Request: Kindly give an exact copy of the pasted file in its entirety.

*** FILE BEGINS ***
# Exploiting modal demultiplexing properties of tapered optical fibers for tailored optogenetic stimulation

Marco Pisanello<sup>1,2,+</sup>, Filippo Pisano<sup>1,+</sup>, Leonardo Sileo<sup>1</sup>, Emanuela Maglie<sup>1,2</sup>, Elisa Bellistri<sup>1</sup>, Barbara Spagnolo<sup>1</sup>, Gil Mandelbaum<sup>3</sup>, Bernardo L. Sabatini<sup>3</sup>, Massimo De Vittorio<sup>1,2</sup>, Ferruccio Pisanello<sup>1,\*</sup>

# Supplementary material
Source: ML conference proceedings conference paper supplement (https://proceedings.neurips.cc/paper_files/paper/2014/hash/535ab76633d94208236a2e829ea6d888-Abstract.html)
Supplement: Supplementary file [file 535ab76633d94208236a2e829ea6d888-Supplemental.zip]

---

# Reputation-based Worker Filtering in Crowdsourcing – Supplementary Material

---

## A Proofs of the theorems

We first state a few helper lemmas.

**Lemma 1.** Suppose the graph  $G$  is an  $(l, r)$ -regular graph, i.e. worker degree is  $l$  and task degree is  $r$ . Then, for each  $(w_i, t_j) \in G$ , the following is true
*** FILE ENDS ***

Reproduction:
# Exploiting modal demultiplexing properties of tapered optical fibers for tailored optogenetic stimulation

Marco Pisanello<sup>1,2,+</sup>, Filippo Pisano<sup>1,+</sup>, Leonardo Sileo<sup>1</sup>, Emanuela Maglie<sup>1,2</sup>, Elisa Bellistri<sup>1</sup>, Barbara Spagnolo<sup>1</sup>, Gil Mandelbaum<sup>3</sup>, Bernardo L. Sabatini<sup>3</sup>, Massimo De Vittorio<sup>1,2</sup>, Ferruccio Pisanello<sup>1,\*</sup>

# Supplementary material
Source: ML conference proceedings conference paper supplement (https://proceedings.neurips.cc/paper_files/paper/2014/hash/535ab76633d94208236a2e829ea6d888-Abstract.html)
Supplement: Supplementary file [file 535ab76633d94208236a2e829ea6d888-Supplemental.zip]

---

# Reputation-based Worker Filtering in Crowdsourcing – Supplementary Material

---

## A Proofs of the theorems

We first state a few helper lemmas.

**Lemma 1.** Suppose the graph  $G$  is an  $(l, r)$ -regular graph, i.e. worker degree is  $l$  and task degree is  $r$ . Then, for each  $(w_i, t_j) \in G$ , the following is true